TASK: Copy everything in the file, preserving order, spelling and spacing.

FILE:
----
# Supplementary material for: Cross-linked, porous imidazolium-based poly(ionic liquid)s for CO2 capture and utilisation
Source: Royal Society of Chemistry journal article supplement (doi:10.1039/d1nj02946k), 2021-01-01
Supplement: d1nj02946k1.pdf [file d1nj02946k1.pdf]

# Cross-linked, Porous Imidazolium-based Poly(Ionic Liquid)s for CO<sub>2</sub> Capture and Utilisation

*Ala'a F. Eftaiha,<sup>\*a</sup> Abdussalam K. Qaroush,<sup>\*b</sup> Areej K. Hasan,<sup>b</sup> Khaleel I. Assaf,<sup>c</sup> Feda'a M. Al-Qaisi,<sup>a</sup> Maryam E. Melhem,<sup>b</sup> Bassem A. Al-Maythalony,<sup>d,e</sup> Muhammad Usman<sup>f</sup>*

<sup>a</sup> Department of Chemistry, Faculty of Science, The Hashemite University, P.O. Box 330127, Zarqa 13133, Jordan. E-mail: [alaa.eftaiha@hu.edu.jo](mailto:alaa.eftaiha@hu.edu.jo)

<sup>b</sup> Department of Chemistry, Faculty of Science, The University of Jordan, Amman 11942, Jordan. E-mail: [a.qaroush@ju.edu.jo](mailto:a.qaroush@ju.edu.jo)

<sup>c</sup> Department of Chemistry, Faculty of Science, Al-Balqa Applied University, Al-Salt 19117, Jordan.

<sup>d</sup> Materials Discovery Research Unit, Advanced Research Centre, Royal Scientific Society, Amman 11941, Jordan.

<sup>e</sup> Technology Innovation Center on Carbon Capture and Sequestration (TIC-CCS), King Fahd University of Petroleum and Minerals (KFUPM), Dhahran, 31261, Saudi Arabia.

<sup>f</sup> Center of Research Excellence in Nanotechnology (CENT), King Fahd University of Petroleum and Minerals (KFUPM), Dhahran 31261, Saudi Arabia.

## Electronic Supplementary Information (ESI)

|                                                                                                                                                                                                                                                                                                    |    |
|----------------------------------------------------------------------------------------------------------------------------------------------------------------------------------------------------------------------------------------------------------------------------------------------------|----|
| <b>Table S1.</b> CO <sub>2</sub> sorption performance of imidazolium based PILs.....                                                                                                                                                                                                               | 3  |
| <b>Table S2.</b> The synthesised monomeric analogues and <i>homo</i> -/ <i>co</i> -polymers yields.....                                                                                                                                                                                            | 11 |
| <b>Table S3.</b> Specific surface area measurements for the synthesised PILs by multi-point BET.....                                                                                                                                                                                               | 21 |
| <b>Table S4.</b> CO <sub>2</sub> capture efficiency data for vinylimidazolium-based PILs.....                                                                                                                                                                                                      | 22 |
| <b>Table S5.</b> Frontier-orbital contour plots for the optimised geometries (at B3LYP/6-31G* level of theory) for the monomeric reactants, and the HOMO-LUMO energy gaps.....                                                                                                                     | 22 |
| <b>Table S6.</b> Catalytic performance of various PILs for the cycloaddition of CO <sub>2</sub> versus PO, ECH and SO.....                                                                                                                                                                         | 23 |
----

# Supplementary material for: Cross-linked, porous imidazolium-based poly(ionic liquid)s for CO2 capture and utilisation
Source: Royal Society of Chemistry journal article supplement (doi:10.1039/d1nj02946k), 2021-01-01
Supplement: d1nj02946k1.pdf [file d1nj02946k1.pdf]

# Cross-linked, Porous Imidazolium-based Poly(Ionic Liquid)s for CO<sub>2</sub> Capture and Utilisation

*Ala'a F. Eftaiha,<sup>\*a</sup> Abdussalam K. Qaroush,<sup>\*b</sup> Areej K. Hasan,<sup>b</sup> Khaleel I. Assaf,<sup>c</sup> Feda'a M. Al-Qaisi,<sup>a</sup> Maryam E. Melhem,<sup>b</sup> Bassem A. Al-Maythalony,<sup>d,e</sup> Muhammad Usman<sup>f</sup>*

<sup>a</sup> Department of Chemistry, Faculty of Science, The Hashemite University, P.O. Box 330127, Zarqa 13133, Jordan. E-mail: [alaa.eftaiha@hu.edu.jo](mailto:alaa.eftaiha@hu.edu.jo)

<sup>b</sup> Department of Chemistry, Faculty of Science, The University of Jordan, Amman 11942, Jordan. E-mail: [a.qaroush@ju.edu.jo](mailto:a.qaroush@ju.edu.jo)

<sup>c</sup> Department of Chemistry, Faculty of Science, Al-Balqa Applied University, Al-Salt 19117, Jordan.

<sup>d</sup> Materials Discovery Research Unit, Advanced Research Centre, Royal Scientific Society, Amman 11941, Jordan.

<sup>e</sup> Technology Innovation Center on Carbon Capture and Sequestration (TIC-CCS), King Fahd University of Petroleum and Minerals (KFUPM), Dhahran, 31261, Saudi Arabia.

<sup>f</sup> Center of Research Excellence in Nanotechnology (CENT), King Fahd University of Petroleum and Minerals (KFUPM), Dhahran 31261, Saudi Arabia.

## Electronic Supplementary Information (ESI)

|                                                                                                                                                                                                                                                                                                    |    |
|----------------------------------------------------------------------------------------------------------------------------------------------------------------------------------------------------------------------------------------------------------------------------------------------------|----|
| <b>Table S1.</b> CO <sub>2</sub> sorption performance of imidazolium based PILs.....                                                                                                                                                                                                               | 3  |
| <b>Table S2.</b> The synthesised monomeric analogues and <i>homo</i> -/ <i>co</i> -polymers yields.....                                                                                                                                                                                            | 11 |
| <b>Table S3.</b> Specific surface area measurements for the synthesised PILs by multi-point BET.....                                                                                                                                                                                               | 21 |
| <b>Table S4.</b> CO <sub>2</sub> capture efficiency data for vinylimidazolium-based PILs.....                                                                                                                                                                                                      | 22 |
| <b>Table S5.</b> Frontier-orbital contour plots for the optimised geometries (at B3LYP/6-31G* level of theory) for the monomeric reactants, and the HOMO-LUMO energy gaps.....                                                                                                                     | 22 |
| <b>Table S6.</b> Catalytic performance of various PILs for the cycloaddition of CO <sub>2</sub> versus PO, ECH and SO.....                                                                                                                                                                         | 23 |